Can chemistry be fun?

Ask that question Tuesday at Eugene Field Elementary School in Hannibal and the answer likely was a resounding “yes.”

Can chemistry be fun?

Ask that question Tuesday at Eugene Field Elementary School in Hannibal and the answer likely was a resounding “yes.”

“Yeah. It was super,” said third grader Dillon McKim after being guided through a chemistry experiment by personnel from BASF’s Hannibal site.

While the science experiment was billed as “playful polymers,” that’s not what students were calling it.

“It was fun playing with the slime,” said third grader Jocelin Robinson, adding she enjoys doing science projects.

Eight-year-old Shawn Smashey already knew what he was going to do with his cup of blue slime when he got it home.

“Throw it at my brothers,” he said with a mischievous grin.

Watching the youngsters having fun making their “slime” brought a smile to the face of Matt, strategic projects manager at BASF’s Hannibal site.

“The kids are excited,” he said. “They obviously like the idea of wearing the gloves, and safety goggles, and aprons, just like real chemists do. And being able to mix chemicals and watch them change into something totally different.”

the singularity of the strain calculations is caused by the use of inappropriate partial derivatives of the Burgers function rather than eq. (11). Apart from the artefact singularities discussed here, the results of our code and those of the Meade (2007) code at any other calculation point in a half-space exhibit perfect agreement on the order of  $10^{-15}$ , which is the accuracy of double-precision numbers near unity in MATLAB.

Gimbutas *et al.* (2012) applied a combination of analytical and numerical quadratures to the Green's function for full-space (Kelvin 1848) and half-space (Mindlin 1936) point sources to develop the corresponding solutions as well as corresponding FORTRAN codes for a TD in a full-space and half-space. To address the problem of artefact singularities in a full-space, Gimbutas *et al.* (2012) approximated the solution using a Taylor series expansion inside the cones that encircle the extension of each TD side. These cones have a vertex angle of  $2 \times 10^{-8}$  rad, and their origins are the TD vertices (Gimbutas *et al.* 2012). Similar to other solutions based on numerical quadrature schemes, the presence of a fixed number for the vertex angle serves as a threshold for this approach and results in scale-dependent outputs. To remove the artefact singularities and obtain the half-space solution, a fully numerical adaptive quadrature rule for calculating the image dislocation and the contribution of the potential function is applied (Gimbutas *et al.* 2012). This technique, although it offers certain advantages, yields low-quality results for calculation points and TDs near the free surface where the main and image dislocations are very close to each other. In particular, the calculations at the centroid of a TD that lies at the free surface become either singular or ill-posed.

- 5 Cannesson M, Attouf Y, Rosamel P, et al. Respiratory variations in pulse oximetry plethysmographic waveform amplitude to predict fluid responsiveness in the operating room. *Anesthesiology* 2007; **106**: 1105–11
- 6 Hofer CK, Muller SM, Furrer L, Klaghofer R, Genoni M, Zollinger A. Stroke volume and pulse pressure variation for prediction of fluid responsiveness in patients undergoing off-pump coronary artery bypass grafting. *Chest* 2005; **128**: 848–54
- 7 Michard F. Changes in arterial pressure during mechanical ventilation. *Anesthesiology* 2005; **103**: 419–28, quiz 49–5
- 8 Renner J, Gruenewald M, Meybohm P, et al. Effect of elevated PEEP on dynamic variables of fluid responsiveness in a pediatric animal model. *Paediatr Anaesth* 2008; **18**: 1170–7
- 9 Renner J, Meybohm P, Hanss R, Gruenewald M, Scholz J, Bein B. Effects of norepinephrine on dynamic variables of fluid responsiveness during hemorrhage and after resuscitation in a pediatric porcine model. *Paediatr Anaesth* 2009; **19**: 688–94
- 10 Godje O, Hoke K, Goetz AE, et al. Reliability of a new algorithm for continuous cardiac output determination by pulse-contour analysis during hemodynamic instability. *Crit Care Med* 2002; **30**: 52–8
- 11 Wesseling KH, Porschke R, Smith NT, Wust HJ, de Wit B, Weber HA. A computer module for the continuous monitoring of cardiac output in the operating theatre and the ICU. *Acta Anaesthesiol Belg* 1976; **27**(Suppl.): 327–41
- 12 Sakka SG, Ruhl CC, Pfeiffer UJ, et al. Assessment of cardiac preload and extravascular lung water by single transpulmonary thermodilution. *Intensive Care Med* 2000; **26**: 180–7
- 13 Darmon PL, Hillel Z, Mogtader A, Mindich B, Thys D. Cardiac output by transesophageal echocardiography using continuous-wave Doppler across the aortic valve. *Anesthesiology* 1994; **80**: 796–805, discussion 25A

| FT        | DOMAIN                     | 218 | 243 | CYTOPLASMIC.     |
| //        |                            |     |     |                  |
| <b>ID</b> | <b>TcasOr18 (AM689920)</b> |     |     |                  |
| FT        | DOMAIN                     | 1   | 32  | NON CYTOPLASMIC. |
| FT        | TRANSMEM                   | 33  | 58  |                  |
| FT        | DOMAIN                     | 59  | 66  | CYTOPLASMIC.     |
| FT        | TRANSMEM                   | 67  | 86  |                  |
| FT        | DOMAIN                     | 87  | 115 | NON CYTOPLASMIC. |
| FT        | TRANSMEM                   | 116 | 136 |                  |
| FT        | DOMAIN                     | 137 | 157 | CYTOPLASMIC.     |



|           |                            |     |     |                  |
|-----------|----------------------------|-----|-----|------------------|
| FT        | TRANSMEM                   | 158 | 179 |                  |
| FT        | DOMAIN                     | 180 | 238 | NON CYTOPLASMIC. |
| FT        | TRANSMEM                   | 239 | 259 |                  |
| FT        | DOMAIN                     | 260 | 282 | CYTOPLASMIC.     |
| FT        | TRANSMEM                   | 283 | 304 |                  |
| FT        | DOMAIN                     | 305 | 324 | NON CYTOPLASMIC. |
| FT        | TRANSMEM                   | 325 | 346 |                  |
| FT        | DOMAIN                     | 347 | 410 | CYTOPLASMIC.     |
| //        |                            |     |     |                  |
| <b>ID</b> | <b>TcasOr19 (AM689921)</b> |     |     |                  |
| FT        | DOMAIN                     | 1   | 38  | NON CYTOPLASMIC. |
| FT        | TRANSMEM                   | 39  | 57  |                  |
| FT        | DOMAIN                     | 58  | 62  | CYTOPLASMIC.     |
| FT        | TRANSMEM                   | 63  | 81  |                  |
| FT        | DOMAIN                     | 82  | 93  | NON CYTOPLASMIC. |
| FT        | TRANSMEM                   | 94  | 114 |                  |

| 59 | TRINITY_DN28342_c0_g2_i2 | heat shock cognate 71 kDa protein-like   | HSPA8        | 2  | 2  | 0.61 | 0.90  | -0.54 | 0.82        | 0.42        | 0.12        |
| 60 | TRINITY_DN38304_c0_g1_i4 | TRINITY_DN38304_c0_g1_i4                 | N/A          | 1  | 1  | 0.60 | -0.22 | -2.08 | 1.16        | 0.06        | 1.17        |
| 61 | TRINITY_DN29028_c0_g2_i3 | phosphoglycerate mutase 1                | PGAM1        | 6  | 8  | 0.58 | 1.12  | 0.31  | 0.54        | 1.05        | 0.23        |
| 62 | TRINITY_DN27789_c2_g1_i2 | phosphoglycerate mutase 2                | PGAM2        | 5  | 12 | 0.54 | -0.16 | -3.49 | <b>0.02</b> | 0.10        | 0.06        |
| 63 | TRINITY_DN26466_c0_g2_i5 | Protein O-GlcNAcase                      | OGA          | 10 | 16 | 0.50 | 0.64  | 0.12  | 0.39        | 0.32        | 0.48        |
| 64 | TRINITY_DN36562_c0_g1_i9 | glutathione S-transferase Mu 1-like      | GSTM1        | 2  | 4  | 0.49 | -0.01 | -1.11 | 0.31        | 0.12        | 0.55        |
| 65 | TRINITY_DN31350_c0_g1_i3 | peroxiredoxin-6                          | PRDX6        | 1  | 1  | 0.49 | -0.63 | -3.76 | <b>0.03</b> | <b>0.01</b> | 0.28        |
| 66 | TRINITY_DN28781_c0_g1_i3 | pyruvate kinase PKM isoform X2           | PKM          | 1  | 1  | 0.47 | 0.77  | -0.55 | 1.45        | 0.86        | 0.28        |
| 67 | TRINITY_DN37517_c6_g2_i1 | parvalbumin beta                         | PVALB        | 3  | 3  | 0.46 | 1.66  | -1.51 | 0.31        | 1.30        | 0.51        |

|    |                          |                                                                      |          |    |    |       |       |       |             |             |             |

Dillon enjoyed the hands-on opportunity BASF provided.

“We got to play around with it (slime) and you got to roll it and see how it felt,” he said.

According to Oleksy, this is the second year that BASF has taken the Kids’ Lab into local classrooms. The outreach coincides with National Chemistry Week.

“It’s an opportunity for BASF to give back to the community and get kids excited about chemistry,” said Oleksy. “You never know, one of these kids, and I hope so, will be the next scientist in 15 to 20 years that will maybe make new discoveries to improve the quality of our life.”

BASF’s Kids’ Lab opens the door to future lessons, according to Eugene Field teacher Michelle Huseman.

“We haven’t gotten into chemistry yet, but we will at some point this year,” she said. “This just gives them an idea that this is really important; that people really do this. We talk about scientists and we talk about having a job as a scientist. This brings it to their level. They can actually see people who do this for a living and know that’s a real possibility for them as well.”

According to Huseman, experiments like the one BASF brought in Tuesday help get her students thinking.

“It’s very important to get the kids to think ‘critically.’ We can teach them a lot of different tasks and a lot of different information, but if you don’t have a critical thinker, you don’t have a full student because they need to be able to take all that information and put it together and know what to do with it, and that’s where critical thinking comes in. And that’s where science education helps so much with that because it teaches them how to look at a problem and how to solve a problem,” she said.